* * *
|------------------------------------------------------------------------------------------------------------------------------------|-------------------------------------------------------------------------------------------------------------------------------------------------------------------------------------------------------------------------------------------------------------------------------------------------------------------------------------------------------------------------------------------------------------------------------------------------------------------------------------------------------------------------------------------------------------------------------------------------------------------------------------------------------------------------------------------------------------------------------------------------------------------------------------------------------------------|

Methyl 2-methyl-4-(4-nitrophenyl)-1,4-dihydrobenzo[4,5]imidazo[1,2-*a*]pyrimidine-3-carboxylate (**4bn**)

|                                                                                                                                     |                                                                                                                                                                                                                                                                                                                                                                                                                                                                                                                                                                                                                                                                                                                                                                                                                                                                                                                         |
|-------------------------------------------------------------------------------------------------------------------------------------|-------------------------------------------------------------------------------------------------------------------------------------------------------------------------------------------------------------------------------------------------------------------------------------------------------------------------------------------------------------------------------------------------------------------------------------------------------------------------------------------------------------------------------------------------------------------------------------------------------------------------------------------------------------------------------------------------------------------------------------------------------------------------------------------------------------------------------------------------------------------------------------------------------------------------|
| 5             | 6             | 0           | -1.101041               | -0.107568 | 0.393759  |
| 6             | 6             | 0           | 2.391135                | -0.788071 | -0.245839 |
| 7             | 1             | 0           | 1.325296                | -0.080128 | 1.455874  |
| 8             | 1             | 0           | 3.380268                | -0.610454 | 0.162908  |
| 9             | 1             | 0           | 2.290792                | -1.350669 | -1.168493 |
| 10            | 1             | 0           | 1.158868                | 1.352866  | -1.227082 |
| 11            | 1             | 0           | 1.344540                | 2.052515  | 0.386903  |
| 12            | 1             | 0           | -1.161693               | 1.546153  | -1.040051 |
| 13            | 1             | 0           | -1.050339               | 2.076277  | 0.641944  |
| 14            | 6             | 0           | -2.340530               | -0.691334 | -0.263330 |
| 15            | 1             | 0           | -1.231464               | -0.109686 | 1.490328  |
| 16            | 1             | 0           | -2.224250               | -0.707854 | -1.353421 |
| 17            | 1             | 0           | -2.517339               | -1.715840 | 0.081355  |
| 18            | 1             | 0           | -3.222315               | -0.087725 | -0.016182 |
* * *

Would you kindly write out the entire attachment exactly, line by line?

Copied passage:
|------------------------------------------------------------------------------------------------------------------------------------|-------------------------------------------------------------------------------------------------------------------------------------------------------------------------------------------------------------------------------------------------------------------------------------------------------------------------------------------------------------------------------------------------------------------------------------------------------------------------------------------------------------------------------------------------------------------------------------------------------------------------------------------------------------------------------------------------------------------------------------------------------------------------------------------------------------------|

Methyl 2-methyl-4-(4-nitrophenyl)-1,4-dihydrobenzo[4,5]imidazo[1,2-*a*]pyrimidine-3-carboxylate (**4bn**)

|                                                                                                                                     |                                                                                                                                                                                                                                                                                                                                                                                                                                                                                                                                                                                                                                                                                                                                                                                                                                                                                                                         |
|-------------------------------------------------------------------------------------------------------------------------------------|-------------------------------------------------------------------------------------------------------------------------------------------------------------------------------------------------------------------------------------------------------------------------------------------------------------------------------------------------------------------------------------------------------------------------------------------------------------------------------------------------------------------------------------------------------------------------------------------------------------------------------------------------------------------------------------------------------------------------------------------------------------------------------------------------------------------------------------------------------------------------------------------------------------------------|
| 5             | 6             | 0           | -1.101041               | -0.107568 | 0.393759  |
| 6             | 6             | 0           | 2.391135                | -0.788071 | -0.245839 |
| 7             | 1             | 0           | 1.325296                | -0.080128 | 1.455874  |
| 8             | 1             | 0           | 3.380268                | -0.610454 | 0.162908  |
| 9             | 1             | 0           | 2.290792                | -1.350669 | -1.168493 |
| 10            | 1             | 0           | 1.158868                | 1.352866  | -1.227082 |
| 11            | 1             | 0           | 1.344540                | 2.052515  | 0.386903  |
| 12            | 1             | 0           | -1.161693               | 1.546153  | -1.040051 |
| 13            | 1             | 0           | -1.050339               | 2.076277  | 0.641944  |
| 14            | 6             | 0           | -2.340530               | -0.691334 | -0.263330 |
| 15            | 1             | 0           | -1.231464               | -0.109686 | 1.490328  |
| 16            | 1             | 0           | -2.224250               | -0.707854 | -1.353421 |
| 17            | 1             | 0           | -2.517339               | -1.715840 | 0.081355  |
| 18            | 1             | 0           | -3.222315               | -0.087725 | -0.016182 |